The New York Times pontificated on 1 May that Israel long ago realised that torture was, well, torture:
Reading about the Bush administration’s convoluted attempts to justify torture takes me back to reporting I did 12 years ago on the anguished debate in Israel over its secret service’s use of violence in interrogations. That was two years before the Israeli Supreme Court banned the practice. “This is the destiny of democracy, as not all means are acceptable to it and not all practices employed by its enemies are open before it,” wrote the president of the court, Aharon Barak.
I had interviewed Justice Barak for my article, and I recall with some shame my righteous certainty in those days that I came from a country that would never stoop to such methods.
An internationally respected jurist and a deeply patriotic Israeli, Justice Barak was acutely aware of the competing demands of what the ruling called “the harsh reality of terrorism” and a “democratic, freedom-loving society.” Certainly nobody would question the reality of the threats faced by Israel. And none of its foes share its scruples about torture, as many critics furiously pointed out to the high court (and to me after my article appeared).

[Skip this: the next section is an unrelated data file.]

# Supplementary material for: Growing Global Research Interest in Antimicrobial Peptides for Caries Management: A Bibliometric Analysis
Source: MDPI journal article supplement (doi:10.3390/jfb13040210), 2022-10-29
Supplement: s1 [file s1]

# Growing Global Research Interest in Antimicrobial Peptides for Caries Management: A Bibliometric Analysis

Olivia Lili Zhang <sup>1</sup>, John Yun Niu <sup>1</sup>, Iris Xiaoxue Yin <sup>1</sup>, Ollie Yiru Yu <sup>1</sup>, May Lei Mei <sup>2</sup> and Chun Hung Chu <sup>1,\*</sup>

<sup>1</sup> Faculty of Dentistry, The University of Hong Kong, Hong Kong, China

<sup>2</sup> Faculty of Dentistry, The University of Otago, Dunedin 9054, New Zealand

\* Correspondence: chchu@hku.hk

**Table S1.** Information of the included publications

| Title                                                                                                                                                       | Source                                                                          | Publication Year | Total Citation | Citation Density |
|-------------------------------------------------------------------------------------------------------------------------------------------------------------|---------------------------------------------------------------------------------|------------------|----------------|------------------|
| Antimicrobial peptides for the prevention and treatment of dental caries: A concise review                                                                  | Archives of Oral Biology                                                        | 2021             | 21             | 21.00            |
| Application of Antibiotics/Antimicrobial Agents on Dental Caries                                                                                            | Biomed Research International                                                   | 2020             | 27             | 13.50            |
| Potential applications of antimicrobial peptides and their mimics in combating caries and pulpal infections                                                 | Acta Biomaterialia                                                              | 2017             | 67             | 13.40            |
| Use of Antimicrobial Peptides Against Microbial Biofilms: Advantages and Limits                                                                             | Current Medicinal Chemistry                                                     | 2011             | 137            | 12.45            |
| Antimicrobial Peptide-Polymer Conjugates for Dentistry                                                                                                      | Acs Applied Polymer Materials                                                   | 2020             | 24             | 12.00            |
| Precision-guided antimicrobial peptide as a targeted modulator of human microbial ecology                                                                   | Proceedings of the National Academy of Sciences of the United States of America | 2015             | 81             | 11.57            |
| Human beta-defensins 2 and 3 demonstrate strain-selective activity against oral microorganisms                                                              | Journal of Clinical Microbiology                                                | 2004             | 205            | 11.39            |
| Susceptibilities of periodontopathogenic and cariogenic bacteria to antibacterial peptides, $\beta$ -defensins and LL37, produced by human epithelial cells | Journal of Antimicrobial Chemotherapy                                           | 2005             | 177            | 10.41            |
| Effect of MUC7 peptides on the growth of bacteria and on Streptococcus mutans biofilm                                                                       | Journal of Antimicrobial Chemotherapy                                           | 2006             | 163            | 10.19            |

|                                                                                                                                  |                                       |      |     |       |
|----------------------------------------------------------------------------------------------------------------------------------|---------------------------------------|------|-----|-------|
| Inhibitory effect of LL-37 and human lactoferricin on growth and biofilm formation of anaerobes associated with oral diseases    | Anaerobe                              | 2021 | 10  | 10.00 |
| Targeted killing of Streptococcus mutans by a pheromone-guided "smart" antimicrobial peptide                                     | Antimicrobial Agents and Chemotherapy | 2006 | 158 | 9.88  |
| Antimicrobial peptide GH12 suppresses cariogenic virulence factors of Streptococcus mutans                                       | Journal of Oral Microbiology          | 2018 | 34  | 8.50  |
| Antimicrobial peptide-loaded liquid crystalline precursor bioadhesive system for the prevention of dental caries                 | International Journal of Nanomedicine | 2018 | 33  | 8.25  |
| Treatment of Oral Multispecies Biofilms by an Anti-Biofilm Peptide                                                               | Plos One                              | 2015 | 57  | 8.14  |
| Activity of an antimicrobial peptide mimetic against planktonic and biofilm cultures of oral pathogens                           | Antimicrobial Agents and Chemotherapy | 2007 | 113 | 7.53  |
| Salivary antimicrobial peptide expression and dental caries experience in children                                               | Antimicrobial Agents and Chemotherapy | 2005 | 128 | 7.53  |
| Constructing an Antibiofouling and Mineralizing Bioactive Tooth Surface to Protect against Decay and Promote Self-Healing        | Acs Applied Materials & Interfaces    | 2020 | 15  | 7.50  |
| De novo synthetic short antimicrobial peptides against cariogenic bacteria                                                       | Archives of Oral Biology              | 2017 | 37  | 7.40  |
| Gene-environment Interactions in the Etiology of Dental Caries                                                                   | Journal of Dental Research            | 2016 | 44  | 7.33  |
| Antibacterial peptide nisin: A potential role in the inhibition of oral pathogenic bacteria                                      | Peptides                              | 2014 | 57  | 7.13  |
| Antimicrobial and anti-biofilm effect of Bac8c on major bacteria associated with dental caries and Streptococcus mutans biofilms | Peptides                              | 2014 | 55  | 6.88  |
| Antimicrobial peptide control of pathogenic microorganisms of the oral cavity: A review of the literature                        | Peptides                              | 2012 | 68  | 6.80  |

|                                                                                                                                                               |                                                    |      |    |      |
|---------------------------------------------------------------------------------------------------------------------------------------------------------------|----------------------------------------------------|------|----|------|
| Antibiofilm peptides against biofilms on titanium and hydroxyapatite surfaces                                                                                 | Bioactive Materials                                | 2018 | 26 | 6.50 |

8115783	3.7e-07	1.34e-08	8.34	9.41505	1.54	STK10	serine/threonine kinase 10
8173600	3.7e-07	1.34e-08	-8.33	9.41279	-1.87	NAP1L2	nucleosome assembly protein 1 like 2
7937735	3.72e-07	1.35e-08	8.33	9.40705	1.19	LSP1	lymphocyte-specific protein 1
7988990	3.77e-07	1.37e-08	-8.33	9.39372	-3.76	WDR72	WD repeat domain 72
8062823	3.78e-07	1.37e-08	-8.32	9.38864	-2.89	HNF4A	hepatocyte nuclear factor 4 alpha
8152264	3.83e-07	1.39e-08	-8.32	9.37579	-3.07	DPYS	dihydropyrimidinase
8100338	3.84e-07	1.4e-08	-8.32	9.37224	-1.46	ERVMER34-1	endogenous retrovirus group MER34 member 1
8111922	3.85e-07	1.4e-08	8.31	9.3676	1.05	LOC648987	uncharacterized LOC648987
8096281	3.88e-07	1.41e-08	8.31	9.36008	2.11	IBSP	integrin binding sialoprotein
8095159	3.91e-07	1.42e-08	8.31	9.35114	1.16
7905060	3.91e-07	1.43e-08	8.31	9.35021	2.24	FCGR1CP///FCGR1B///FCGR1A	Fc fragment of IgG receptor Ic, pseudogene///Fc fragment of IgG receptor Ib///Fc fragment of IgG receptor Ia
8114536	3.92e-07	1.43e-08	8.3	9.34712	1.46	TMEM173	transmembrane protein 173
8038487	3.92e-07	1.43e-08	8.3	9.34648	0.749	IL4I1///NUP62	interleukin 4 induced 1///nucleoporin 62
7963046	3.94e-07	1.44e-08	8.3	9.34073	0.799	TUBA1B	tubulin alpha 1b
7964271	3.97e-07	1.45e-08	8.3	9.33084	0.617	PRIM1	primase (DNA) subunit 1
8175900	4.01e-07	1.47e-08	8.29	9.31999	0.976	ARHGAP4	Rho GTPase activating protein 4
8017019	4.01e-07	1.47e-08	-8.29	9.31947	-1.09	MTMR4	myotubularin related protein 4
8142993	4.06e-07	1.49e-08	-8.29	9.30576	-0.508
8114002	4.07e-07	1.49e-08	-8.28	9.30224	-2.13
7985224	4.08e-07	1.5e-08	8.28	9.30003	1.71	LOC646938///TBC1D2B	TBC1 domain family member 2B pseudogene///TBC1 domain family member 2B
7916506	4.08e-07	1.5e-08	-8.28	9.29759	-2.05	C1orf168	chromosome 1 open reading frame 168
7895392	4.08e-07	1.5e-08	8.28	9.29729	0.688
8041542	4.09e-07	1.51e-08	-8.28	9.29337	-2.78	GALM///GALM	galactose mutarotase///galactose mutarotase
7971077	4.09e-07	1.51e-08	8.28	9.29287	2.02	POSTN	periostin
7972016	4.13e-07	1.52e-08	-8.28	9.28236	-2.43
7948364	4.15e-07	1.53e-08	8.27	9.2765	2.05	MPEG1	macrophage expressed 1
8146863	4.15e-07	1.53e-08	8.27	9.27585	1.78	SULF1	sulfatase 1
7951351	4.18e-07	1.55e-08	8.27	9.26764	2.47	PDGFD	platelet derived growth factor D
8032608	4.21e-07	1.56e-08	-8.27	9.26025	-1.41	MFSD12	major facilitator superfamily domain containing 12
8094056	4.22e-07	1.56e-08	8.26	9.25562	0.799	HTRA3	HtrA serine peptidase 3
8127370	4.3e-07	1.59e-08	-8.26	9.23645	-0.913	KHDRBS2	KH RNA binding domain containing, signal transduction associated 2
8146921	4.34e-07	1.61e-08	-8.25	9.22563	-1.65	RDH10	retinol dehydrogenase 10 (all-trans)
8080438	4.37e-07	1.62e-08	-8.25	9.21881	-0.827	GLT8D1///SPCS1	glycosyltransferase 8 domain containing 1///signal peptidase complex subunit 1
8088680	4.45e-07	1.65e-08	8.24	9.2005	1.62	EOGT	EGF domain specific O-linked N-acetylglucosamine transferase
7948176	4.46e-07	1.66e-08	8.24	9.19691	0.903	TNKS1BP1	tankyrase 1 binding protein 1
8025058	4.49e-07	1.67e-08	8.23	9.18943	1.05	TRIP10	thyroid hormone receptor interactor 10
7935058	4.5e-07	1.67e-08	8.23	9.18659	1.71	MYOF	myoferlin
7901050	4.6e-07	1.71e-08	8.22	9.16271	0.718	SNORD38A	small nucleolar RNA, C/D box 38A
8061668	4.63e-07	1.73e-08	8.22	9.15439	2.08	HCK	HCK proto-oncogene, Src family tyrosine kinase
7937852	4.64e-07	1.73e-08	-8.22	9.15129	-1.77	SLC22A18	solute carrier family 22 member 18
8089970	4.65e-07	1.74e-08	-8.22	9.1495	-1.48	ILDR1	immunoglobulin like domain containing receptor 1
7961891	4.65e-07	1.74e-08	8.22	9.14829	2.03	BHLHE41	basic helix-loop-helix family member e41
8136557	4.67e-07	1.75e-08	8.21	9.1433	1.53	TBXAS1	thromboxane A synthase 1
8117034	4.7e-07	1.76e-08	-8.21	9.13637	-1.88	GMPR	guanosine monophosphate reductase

Until the ruling, Israel, like the Bush administration, had insisted that methods of torment permitted in interrogating detainees were not torture and, therefore, not in violation of international and national law prohibiting the use of torture. Those methods included violent shaking, shackling prisoners to a low and tilted stool, covering their heads with urine-drenched hoods and sleep deprivation.
Unfortunately, the fact remains that the Jewish state tortures Palestinian prisoners to this day.